Skewed Tales (Atlas Printed Head series)
Sweat and Industry (Atlas Printed Head series)

and

—poems in The Vienna Group: Six Major Austrian Poets
—the story “Blind Chance and Roast Duck” in Beneath Black Stars: Contemporary Austrian Fiction 

Pictured: back cover of Under the Cover of a Hat, illustration by Chris Long (from the 50 Watts post Stacks of Books Crushing Me)

Editor of Der Ochideengarten, a 1920s magazine I’ve covered a bunch of times on 50 Watts, Karl Hans Strobl was also a writer. Bio from The Dedalus/Ariadne Book of Austrian Fantasy:

Karl Hans Strobl (Iglau, Moravia 1877–Perchtoldsdorf 1946): A fertile and popular writer (he published over 100 books) who was one of the leading figures in the fashion for fantasy literature in the first thirty years of this century, both through his own novels and stories, and through his activities as editor of anthologies and of a periodical called Der Orchideengarten (The Orchid Garden). Probably the best-known of his magic novels is Eleagabal Kuperus. He also wrote historical novels of an increasingly German nationalist tone and ended as a National Socialist hack. [Ed.: somehow I saw that coming]

 The anthology includes two of his stories, “Die arge Nonn’” (The Wicked Nun) and “Der Kopf” (The Head) from 1911 and 1921.

No one reads Ilse Aichinger (b. 1921, Vienna). She and her husband, the poet, Günter Eich (now deceased), were honoured members of the exclusive and prestigious postwar literati constellation Gruppe 47—Wolfgang Hildesheimer (another author no one reads) was also a member; see here for an extensive roster.

Ilse Aichinger’s short stories—with their haunting imagery, deft escalations of strangeness, chilling humour, poetic concision and lyricism—will leave you stirred. “The Bound Man”, “Story in a Mirror”, “Speech Under the Gallows”, and “Where I Live” are excellent stories to read through first; the former three are her most highly acclaimed.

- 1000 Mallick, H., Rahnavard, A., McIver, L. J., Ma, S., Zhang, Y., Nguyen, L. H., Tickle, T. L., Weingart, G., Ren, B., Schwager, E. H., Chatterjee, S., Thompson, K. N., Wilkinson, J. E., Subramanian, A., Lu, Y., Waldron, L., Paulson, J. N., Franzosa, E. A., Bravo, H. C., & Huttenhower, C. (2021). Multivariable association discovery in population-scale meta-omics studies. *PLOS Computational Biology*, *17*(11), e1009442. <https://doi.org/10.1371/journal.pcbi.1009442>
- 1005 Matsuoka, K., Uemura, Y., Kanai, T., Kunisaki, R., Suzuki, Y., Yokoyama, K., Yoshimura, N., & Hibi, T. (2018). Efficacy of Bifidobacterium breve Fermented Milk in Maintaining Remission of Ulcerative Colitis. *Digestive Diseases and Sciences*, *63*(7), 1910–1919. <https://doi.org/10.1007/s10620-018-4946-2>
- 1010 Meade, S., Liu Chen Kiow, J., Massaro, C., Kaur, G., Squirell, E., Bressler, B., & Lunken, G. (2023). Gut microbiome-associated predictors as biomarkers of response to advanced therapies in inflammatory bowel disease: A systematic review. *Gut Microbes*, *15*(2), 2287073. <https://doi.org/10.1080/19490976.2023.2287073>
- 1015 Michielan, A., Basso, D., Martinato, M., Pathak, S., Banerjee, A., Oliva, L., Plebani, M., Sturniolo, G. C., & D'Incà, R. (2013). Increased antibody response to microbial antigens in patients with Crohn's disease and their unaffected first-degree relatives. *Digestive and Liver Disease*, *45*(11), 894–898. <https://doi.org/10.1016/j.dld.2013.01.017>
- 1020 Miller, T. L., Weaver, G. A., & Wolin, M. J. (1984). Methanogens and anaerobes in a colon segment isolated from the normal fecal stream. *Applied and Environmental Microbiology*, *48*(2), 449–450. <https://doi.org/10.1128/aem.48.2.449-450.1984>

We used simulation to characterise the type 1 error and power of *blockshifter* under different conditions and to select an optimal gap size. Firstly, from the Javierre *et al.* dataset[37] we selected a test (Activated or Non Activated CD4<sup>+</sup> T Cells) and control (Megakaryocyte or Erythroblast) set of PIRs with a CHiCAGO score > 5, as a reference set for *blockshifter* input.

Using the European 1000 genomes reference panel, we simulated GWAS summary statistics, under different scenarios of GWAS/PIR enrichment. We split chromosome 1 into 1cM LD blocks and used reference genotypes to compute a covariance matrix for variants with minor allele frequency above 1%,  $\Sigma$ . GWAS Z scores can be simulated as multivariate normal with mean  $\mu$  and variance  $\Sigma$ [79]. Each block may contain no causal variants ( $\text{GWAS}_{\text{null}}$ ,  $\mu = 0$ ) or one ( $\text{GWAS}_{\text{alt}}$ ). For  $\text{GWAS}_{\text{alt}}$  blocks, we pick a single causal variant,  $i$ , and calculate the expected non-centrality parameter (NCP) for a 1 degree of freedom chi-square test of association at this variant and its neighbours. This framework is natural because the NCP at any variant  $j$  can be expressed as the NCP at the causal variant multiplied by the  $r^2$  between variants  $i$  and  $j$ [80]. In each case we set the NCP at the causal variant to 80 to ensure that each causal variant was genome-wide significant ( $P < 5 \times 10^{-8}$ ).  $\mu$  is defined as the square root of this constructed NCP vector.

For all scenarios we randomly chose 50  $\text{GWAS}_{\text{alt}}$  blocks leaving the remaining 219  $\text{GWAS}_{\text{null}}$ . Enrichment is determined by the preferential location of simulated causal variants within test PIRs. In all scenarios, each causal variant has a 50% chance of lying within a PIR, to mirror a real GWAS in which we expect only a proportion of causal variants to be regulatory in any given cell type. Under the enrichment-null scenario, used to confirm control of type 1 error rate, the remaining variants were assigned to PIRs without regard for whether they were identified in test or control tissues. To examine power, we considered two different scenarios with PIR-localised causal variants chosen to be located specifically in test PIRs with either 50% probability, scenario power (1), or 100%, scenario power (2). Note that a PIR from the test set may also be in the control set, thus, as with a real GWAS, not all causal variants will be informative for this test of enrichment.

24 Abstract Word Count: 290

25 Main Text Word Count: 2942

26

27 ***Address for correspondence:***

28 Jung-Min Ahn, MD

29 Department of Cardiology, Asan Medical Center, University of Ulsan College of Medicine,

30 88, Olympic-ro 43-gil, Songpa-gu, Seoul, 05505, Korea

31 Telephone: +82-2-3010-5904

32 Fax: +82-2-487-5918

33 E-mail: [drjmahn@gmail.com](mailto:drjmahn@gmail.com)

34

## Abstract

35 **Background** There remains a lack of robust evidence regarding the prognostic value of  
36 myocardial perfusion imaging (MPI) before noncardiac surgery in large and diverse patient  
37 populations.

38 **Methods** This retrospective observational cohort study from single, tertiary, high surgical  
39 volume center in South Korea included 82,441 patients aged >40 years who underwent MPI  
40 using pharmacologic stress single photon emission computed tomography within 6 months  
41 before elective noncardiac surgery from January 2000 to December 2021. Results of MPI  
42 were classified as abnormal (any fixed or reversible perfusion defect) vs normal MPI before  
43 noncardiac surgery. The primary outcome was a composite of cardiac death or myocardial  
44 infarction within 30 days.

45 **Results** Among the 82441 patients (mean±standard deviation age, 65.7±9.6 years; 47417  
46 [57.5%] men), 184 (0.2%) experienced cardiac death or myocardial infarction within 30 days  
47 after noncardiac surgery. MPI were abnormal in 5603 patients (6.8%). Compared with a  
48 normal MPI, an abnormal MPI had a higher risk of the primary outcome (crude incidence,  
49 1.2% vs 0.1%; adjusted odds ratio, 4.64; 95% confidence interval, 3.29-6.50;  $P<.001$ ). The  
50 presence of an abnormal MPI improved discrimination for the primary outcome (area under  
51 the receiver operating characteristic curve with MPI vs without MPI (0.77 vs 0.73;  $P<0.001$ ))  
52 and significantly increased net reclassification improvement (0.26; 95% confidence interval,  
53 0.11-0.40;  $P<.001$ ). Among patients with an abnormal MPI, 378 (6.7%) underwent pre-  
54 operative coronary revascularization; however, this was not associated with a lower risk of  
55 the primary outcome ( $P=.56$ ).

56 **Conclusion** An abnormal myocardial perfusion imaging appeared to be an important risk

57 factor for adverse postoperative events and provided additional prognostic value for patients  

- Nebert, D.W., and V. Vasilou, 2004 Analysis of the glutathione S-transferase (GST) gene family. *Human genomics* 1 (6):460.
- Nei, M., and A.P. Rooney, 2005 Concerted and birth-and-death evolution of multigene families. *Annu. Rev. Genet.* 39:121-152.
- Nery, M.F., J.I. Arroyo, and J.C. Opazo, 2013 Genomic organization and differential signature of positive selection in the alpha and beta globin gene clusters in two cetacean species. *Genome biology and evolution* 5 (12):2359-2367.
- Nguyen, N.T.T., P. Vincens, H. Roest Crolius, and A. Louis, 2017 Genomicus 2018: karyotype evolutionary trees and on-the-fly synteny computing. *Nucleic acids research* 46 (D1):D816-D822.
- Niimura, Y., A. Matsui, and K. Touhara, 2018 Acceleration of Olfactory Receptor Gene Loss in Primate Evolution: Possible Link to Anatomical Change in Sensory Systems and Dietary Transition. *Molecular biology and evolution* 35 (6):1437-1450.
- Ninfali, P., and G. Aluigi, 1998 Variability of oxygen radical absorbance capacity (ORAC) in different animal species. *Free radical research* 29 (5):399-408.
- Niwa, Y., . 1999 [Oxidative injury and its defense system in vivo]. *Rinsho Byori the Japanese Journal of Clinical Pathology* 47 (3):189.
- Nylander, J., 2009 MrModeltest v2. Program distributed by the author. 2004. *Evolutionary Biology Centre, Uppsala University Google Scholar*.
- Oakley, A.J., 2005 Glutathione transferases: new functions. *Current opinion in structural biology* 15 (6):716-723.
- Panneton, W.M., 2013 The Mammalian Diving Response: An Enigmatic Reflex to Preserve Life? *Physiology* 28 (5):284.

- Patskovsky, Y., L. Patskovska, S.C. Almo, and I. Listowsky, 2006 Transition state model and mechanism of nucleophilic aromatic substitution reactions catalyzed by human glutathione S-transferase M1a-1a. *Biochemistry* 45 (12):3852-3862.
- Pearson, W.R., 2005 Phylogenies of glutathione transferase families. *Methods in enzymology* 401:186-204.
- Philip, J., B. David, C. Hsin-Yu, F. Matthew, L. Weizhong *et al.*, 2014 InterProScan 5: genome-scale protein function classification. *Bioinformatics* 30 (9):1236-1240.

Sources in English (Amazon US links):

Herod’s Children - her groundbreaking (and only) novel.
  The Bound Man and Other Stories - her must-have collection of short stories.
  Selected Poetry and Prose of Ilse Aichinger - a worthy compilation, but start with the previous.
Unfortunately, her books, in English translation, are out-of-print, making them difficult and (usually) costly to acquire. With that said, her writing has been included in many anthologies; here’s a listing, courtesy of IBL (be wary of shoddy translations):

Best Short Shorts (1958)
  Great German Short Stories (1960)
  Modern German Stories (1961)
  Slaying of the Dragon, the (1984)
  Art of the Tale, the (1986)
  Evidence of Fire: An Anthology of Twentieth Century German Poetry (1989)
  Contemporary German Fiction (1996)
  Contemporary Jewish Writing in Austria (1999)
  Nightshade: 20th Century Ghost Stories (1999)
  Escaping Expectations (2001)
  Dedalus Book of Austrian Fantasy 1890-2000, the (2003)
Note: For the really keen, a Google search of Aichinger’s “The Bound Man” might be worthwhile. ;-]

(Image: a scan of the cover for The Bound Man and Other Stories. Designed by Ellen Raskin; more of her art at 50watts.com)

No one reads Ilse Aichinger (b. 1921, Vienna). She and her husband, the poet, Günter Eich (now deceased), were honoured members of the exclusive and prestigious postwar literati constellation Gruppe 47Wolfgang Hildesheimer (another author no one reads) was also a member; see here for an extensive roster.

Ilse Aichinger’s short stories—with their haunting imagery, deft escalations of strangeness, chilling humour, poetic concision and lyricism—will leave you stirred. “The Bound Man”, “Story in a Mirror”, “Speech Under the Gallows”, and “Where I Live” are excellent stories to read through first; the former three are her most highly acclaimed.

Sources in English (Amazon US links):

Unfortunately, her books, in English translation, are out-of-print, making them difficult and (usually) costly to acquire. With that said, her writing has been included in many anthologies; here’s a listing, courtesy of IBL (be wary of shoddy translations):

Note: For the really keen, a Google search of Aichinger’s “The Bound Man” might be worthwhile. ;-]

(Image: a scan of the cover for The Bound Man and Other Stories. Designed by Ellen Raskin; more of her art at 50watts.com)

No one reads Wolfgang Bauer.

No one reads Wolfgang Bauer.

No one reads Leo Perutz. (At least, all of his books are now out-of-print in the US.) Image by Otto Linnekogel for ‘Dios Vienne’ by Perutz (Der Orchideengarten, 1919)